Facing Rising Seas, Remote Alaskan Village Votes To Move (Again)

Climate change has all but swallowed Shishmaref.
A home destroyed by beach erosion tips over in September 2006 in the Alaskan village of Shishmaref.
A home destroyed by beach erosion tips over in September 2006 in the Alaskan village of Shishmaref.
GABRIEL BOUYS via Getty Images

The residents of Shishmaref, an island village of around 560 people in Alaska’s Chukchi Sea, have voted to relocate in the face of rising seas brought on by global climate change, according to reports.

An unofficial ballot count Wednesday showed the vote was 89-79 in favor of leaving, the Associated Press and Grist report. A city clerk told AP the count does not include absentee or special needs ballots.

Village officials did not immediately respond to The Huffington Post’s request for comment Wednesday.

This isn’t the first time the village has tried to pack up and go. In July 2002, confronted with melting permafrost and other climatic changes that have imperiled the island’s future, residents decided moving was the only way to keep their community intact. But they faced logistical hurdles, as The Huffington Post documented in a 2014 feature, such as finding a new location and securing funding.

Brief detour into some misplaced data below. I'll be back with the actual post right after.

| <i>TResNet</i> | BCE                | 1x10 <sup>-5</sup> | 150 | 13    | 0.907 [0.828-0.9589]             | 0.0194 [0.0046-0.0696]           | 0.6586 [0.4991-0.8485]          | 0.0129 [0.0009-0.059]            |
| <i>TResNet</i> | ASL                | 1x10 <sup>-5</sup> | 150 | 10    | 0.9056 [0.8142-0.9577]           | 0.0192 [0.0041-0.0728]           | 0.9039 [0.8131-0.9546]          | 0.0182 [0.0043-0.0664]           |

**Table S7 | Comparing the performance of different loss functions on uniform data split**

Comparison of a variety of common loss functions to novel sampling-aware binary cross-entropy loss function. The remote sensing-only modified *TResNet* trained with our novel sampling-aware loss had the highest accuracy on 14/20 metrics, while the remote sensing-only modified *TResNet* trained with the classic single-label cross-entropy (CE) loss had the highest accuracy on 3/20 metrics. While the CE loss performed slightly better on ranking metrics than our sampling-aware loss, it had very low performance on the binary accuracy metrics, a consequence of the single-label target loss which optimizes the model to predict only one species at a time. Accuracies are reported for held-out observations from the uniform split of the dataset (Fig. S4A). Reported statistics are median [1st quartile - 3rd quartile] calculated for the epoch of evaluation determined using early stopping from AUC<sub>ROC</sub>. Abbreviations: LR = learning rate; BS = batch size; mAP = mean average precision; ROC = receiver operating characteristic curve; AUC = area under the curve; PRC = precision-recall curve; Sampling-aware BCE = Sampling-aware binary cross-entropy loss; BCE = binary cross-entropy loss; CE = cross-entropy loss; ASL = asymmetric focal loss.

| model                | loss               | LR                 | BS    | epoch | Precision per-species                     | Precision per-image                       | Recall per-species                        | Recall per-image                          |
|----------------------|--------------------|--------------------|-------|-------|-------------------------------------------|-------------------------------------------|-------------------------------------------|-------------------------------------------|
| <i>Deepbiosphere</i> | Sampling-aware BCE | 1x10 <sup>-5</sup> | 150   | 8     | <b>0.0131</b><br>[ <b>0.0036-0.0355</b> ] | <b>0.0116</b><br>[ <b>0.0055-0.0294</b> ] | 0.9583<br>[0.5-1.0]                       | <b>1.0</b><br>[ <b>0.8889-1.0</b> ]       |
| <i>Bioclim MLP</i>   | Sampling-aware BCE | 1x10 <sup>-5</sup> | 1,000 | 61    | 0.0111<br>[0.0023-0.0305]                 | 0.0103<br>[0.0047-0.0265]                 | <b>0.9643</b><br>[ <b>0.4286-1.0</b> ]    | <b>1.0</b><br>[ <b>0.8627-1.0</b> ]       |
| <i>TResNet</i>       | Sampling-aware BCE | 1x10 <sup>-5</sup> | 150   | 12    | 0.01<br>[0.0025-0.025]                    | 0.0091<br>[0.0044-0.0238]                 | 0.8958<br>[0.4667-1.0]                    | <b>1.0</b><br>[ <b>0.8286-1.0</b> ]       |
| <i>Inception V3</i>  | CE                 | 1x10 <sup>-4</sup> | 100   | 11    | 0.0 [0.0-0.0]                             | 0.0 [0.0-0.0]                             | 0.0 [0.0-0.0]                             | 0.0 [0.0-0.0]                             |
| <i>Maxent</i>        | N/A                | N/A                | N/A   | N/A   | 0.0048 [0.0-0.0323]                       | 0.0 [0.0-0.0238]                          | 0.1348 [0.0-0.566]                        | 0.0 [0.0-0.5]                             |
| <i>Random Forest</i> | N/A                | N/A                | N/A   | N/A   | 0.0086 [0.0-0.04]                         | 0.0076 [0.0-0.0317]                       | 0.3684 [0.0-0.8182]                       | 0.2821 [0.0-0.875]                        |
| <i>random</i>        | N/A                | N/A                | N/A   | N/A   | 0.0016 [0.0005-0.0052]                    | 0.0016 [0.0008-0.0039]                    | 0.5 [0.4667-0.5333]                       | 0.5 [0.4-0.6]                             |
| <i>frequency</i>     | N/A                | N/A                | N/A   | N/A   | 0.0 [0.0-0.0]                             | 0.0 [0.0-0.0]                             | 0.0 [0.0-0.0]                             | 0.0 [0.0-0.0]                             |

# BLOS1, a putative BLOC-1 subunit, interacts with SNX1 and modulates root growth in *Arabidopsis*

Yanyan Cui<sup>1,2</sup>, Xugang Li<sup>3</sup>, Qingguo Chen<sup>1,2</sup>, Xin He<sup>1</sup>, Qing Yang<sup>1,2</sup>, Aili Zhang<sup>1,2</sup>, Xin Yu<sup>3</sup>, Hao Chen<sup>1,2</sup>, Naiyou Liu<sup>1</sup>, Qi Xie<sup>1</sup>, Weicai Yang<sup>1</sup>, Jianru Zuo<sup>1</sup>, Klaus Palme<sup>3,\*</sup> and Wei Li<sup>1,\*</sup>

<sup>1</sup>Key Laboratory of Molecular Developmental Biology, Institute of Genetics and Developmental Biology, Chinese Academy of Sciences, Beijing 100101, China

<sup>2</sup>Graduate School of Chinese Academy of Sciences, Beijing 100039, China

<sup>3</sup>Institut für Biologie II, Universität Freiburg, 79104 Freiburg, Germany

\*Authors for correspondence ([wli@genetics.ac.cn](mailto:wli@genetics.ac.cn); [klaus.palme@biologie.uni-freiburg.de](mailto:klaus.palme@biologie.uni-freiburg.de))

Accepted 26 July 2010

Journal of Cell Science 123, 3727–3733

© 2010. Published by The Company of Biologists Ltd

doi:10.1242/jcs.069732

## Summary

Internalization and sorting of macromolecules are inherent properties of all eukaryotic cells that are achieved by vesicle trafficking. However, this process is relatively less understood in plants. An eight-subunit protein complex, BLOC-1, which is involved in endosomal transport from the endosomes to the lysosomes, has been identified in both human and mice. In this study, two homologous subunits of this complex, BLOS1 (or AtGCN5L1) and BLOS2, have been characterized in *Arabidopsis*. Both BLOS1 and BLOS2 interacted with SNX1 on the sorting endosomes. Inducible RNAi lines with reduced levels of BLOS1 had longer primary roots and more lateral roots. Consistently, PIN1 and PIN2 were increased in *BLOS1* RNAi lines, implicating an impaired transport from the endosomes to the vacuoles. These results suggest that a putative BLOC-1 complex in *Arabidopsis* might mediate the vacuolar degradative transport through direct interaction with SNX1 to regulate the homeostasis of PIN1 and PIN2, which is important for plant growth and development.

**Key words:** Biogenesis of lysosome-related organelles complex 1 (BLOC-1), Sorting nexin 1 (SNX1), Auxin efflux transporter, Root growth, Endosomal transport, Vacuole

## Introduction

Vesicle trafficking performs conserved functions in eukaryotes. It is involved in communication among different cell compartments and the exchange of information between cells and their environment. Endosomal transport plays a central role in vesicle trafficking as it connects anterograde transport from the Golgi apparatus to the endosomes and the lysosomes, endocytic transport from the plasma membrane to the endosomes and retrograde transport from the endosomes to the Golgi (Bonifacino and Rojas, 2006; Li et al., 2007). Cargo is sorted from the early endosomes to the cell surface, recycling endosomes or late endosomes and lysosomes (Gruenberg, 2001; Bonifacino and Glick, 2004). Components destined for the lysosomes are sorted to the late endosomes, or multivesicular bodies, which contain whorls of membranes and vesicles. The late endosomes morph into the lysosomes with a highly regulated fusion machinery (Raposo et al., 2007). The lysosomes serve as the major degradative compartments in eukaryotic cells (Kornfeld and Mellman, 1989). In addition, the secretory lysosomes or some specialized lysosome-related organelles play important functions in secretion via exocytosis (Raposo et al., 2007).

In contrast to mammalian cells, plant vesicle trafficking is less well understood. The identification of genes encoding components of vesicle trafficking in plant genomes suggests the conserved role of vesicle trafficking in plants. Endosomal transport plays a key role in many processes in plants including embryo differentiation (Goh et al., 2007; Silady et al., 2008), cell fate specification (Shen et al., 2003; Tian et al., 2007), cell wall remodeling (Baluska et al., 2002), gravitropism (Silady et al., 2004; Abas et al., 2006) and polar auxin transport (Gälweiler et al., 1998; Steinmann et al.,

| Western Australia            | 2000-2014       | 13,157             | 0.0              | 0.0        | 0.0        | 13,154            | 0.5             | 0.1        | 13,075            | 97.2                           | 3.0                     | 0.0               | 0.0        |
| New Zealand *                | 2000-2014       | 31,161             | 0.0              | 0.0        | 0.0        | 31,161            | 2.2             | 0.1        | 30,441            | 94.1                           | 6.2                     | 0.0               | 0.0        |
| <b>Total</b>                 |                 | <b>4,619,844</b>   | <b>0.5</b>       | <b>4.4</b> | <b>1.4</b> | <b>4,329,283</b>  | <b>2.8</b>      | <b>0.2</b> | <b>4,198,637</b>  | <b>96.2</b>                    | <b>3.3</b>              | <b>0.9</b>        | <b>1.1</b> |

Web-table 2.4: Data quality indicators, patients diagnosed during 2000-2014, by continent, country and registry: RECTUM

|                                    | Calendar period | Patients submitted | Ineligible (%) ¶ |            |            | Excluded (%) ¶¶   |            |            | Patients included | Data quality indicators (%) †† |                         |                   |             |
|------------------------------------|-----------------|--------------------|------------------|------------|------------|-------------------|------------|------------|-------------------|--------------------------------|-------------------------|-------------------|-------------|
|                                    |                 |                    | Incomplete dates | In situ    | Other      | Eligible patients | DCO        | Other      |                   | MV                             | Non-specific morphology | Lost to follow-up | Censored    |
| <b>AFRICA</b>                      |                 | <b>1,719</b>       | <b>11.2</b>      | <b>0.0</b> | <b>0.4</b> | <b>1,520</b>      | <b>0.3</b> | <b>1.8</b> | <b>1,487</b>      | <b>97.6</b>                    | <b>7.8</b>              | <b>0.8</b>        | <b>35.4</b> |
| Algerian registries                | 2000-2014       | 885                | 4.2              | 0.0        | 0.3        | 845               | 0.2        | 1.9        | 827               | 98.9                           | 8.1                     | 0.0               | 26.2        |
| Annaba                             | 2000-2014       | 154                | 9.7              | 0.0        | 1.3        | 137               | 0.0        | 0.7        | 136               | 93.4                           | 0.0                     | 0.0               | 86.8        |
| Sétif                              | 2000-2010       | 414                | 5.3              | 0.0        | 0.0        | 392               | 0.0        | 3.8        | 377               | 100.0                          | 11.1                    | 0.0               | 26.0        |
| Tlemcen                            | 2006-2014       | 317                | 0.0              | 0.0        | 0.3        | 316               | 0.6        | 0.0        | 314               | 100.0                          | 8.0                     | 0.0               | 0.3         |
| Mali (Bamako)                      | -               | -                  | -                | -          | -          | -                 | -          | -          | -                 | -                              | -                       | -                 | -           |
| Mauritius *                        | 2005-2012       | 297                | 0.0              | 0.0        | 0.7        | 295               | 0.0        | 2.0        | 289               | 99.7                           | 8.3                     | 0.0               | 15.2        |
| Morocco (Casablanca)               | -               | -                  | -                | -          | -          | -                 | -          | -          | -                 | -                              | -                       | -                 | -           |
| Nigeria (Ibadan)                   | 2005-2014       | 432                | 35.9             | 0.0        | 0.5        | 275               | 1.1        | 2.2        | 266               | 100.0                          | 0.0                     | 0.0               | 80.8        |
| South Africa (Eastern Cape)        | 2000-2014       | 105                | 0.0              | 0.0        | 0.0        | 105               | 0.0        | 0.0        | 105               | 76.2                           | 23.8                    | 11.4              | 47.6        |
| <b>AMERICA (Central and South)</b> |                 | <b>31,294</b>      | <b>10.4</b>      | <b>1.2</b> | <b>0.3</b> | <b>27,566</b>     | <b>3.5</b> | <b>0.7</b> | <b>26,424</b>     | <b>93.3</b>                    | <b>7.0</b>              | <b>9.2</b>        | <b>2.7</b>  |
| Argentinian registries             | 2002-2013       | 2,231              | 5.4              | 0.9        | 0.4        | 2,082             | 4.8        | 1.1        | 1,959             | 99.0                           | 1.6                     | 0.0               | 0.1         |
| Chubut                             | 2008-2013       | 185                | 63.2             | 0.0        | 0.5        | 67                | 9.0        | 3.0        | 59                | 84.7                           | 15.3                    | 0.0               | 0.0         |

So 14 years later they are still there, prompting this week’s vote on relocation.

Grist reports that 25-year-old village resident Tiffany Magby was among those who voted to stay. “I waited until the last hour to vote,” she told the publication. “I have a 3-year-old son, and am worried about what it means for his upbringing.”

The village sits on a narrow strip of beach 3 miles long and a quarter-mile wide, with the Chukchi Sea to the north and an inlet to the south. Most of Shishmaref’s residents are Alaska Native Inupiaq people who still hunt, fish and gather on the land and water surrounding the village.

Erosion driven by melting permafrost, rising seas and unpredictable storms has been eating away at the island in recent years.

In the past 15 years, we had to move 13 houses ― including my dear grandma Edna’s house ― from one end of the island to the other because of this loss of land,” Shishmaref native Esau Sinnok wrote in an essay for the U.S. Department of the Interior in 2015, as reported Tuesday by The Guardian. “Within the next two decades, the whole island will erode away completely.”

An Army Corps of Engineers study pegged the cost of relocating Shishmaref to the Alaska mainland at $179 million. Last year, the Department of the Interior set aside $8 million to helping Native American communities address the effects of climate change.

The federal government has been devoting more resources and funding to communities that are dealing with climate impacts. A $48 million grant from the Department of Housing and Urban Development, for example, is helping the people of Louisiana’s Isle de Jean Charles relocate.

At least a dozen Alaskan villages have voted to relocate. The Government Accountability Office has found that most of the 200 Alaska Native villages are dealing with flooding, erosion and other problems related to climate change.

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